SCOTT Yes! Even though we didn’t choose this first viewing-party selection for present-day relevance, I’m starting to think it was a timely choice. The feeling of movement and open space it conveys, even on a small home screen, is intoxicating. You really feel the thrill and danger of flight, and also the more gravity-bound pleasure of zooming through the streets of Miramar on a motorcycle. And except for those stretches in the third act when he has to go off by himself and figure things out, Maverick is never alone. All the boisterous hugging and locker-room bantering, even the cringey “You’ve Lost That Lovin’ Feeling” pickup scene in the crowded bar — there’s no social or physical distance in this world.
And at the heart of it is one of the tenderest, truest, most tragic love stories I’ve ever seen: Maverick and Goose. Holy Achilles and Patroclus, Batman! Great Gilgamesh and Enkidu! In Navy parlance, Goose is Maverick’s RIO (radio intercept officer), but Homer would recognize him as a classic Hetairos, a sacrificial friend whose death is a crucial moral and emotional test for the hero.
“The volleyball scene will forever remain immortalized as a centerpiece of jock gay iconography. Never before had gay bros received such direct service from a blockbuster film, and it changed gay history forever.” — Jonathan, Poughkeepsie
DARGIS “But Achilles kept on grieving for his friend,” as Tony Scott more or less filmed through billows of steam, “he longed for Patroclus’s manhood, his gallant heart.” That kind of trench camaraderie, no matter the time or place, is often irresistible, however crudely or cynically deployed. You can hate war and war movies, yet still get misty-eyed by stories about square-jawed lugs who, in between dogfights and gunfire, are reduced to puddles as they cradle fallen fellow soldiers in their arms.
Both “Wings” and “Top Gun” stage the beloved comrade’s death similarly, with one man holding the other in a modified Pietà, an image that evokes Mary cradling the dead Jesus. “Wings” is the better film, by far, and its dramatic death is heartbreakingly tender. Wellman, a fighter pilot in World War I, stages it so that it resembles a love sequence, one sealed with a kiss. Goose’s death isn’t as touching, because Scott and Cruise can’t sell it. But the film is trying to reach us emotionally, to make us feel this world’s anguish and not just its exhilaration. It’s a melodrama with screaming jets.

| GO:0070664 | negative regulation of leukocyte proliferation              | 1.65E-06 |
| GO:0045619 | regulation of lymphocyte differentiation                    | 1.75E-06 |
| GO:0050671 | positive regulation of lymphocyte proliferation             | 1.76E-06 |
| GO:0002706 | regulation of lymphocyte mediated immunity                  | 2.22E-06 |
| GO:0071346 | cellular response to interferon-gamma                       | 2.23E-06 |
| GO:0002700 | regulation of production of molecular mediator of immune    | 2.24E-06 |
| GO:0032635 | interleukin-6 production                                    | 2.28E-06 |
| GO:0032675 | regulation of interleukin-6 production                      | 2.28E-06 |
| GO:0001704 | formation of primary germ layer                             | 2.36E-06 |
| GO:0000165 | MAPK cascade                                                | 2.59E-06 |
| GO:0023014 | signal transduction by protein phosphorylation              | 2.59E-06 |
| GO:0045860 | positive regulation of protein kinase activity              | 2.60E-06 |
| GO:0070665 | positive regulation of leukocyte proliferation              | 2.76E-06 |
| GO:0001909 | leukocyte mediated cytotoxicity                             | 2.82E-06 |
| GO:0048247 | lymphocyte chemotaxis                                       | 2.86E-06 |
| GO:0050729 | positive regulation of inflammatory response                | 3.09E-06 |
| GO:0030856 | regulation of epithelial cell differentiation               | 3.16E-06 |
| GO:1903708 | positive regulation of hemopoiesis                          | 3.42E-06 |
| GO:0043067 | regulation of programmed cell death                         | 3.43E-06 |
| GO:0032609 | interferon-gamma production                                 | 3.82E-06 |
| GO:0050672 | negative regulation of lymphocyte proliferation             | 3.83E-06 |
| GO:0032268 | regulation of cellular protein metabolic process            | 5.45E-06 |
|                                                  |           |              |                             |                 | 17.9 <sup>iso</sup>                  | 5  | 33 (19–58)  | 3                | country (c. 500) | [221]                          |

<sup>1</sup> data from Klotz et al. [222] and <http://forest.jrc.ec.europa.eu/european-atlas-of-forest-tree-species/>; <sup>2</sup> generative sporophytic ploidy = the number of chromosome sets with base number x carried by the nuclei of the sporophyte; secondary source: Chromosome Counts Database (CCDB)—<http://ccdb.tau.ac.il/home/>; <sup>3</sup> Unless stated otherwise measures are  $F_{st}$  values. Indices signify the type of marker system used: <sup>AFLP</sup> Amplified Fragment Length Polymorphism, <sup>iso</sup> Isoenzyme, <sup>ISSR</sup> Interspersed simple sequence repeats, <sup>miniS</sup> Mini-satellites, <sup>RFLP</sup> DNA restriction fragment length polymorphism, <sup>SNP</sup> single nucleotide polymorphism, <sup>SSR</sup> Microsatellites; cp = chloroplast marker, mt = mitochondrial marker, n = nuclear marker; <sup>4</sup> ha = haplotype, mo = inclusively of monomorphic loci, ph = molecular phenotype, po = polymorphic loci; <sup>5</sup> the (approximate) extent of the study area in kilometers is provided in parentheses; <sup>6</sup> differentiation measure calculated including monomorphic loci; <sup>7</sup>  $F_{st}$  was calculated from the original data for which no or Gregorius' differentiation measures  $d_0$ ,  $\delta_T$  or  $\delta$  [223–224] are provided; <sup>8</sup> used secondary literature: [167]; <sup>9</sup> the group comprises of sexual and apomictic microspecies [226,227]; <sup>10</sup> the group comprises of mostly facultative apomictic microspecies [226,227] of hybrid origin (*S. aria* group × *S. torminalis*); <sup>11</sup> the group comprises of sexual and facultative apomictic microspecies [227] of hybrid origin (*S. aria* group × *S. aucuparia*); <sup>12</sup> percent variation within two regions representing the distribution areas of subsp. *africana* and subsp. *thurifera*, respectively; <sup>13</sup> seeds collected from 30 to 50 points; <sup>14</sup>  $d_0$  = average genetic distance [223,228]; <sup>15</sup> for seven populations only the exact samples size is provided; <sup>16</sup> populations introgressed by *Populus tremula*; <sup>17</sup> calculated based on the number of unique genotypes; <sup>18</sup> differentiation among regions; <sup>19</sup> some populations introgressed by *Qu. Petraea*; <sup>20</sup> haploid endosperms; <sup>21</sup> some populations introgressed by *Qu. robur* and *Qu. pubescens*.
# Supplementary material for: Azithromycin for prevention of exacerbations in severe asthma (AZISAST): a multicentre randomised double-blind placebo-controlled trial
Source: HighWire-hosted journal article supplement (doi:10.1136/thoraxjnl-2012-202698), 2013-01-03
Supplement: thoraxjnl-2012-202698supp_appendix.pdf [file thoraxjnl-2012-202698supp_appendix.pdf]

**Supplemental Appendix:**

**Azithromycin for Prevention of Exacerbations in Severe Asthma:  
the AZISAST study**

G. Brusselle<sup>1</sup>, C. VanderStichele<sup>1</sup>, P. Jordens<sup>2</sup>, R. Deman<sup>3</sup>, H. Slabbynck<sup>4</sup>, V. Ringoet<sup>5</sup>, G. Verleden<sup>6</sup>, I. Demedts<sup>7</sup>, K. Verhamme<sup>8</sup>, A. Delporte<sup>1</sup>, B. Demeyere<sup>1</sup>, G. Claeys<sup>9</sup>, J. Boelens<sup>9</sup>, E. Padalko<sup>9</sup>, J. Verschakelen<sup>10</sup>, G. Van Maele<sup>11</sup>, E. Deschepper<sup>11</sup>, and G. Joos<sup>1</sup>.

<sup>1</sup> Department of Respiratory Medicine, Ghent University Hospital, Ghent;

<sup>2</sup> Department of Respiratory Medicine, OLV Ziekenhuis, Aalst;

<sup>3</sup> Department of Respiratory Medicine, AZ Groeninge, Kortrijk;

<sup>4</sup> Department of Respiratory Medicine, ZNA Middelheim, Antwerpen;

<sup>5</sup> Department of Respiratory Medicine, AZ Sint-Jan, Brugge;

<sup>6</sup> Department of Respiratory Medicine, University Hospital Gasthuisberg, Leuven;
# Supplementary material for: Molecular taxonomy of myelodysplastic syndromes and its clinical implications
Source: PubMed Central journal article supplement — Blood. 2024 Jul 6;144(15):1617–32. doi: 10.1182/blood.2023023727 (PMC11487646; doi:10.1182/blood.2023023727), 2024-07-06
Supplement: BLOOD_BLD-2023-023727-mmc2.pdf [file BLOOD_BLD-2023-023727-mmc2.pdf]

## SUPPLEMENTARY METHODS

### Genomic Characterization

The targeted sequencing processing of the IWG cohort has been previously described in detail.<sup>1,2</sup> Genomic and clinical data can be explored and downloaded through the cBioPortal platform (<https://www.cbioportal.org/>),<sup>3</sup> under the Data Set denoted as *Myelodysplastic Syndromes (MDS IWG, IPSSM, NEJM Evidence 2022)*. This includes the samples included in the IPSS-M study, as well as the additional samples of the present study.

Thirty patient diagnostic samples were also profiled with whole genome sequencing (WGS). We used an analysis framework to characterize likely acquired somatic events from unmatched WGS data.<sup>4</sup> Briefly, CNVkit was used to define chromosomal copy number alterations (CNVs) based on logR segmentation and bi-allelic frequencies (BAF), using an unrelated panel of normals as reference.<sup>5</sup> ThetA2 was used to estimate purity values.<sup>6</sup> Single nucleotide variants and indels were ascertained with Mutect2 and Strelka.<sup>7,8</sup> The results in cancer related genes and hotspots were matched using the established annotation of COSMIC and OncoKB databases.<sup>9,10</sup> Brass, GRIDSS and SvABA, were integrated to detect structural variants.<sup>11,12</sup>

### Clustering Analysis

Maybe, to some, the flying is fabulous but the showboating of Tom Cruise’s character is a cringy salve for these anxious times. And the romance? Blech. Happily, I don’t know such people. — Eileen57, London
SCOTT And also with a perhaps less-than-stirring heterosexual romance. The big sex scene between Kelly McGillis (as Charlie) and Tom Cruise is shot in a weird (and very ’80s) blue light that is so much colder than the slanting orange sunshine of the beach volleyball scene or the warm yellow of the indelible moment later on when Maverick, grieving in front of a mirror in his tighty-whities, is comforted by Tom Skerritt. (The director of photography was Jeffrey Kimball.) Cruise and McGillis are both gorgeous, but there isn’t a lot of heat between them. Maverick and Charlie are both hardheaded careerists pursuing a workplace romance, and there’s something efficiently transactional about their connection.
I guess I was expecting something more like the smolder between McGillis and Harrison Ford in Peter Weir’s “Witness,” released the year before “Top Gun.” But though McGillis has one bombshell moment — when she addresses the assembled pilots and RIOs in a windblown hangar after an entrance that lingers over her high heels and seamed stockings — she often seems like one of the boys. Her name is Charlie, and she usually dresses in jeans and a bomber jacket. Several male readers found the character implausible (echoing the view of The Times’s original reviewer, Walter Goodman). Women liked that she had brains and ambition.
Charlie’s Rorschach qualities may be another camp element in a movie whose gender semiotics could keep a squadron of graduate students occupied until the end of time. But what surprised me at least as much as the weakness of the Cruise-McGillis romance was how little conflict there was in the movie overall. I was expecting Val Kilmer to be more of a villain, but the only things to hold against Iceman are that he’s a sensible pilot and has the audacity to be at least six inches taller than Maverick.
Not that I’m disappointed. I realized watching this movie with fresh eyes that I had weighed it down with a lot of genre and ideological assumptions, and that the actual movie is its own odd, ridiculous, peculiarly compelling thing. That’s a lesson worth remember when we line up for the next new would-be blockbuster.
It is a quintessential example of a movie that is objectively weak but subjectively wonderful. Thanks for this idea. — Jonathan, Poughkeepsie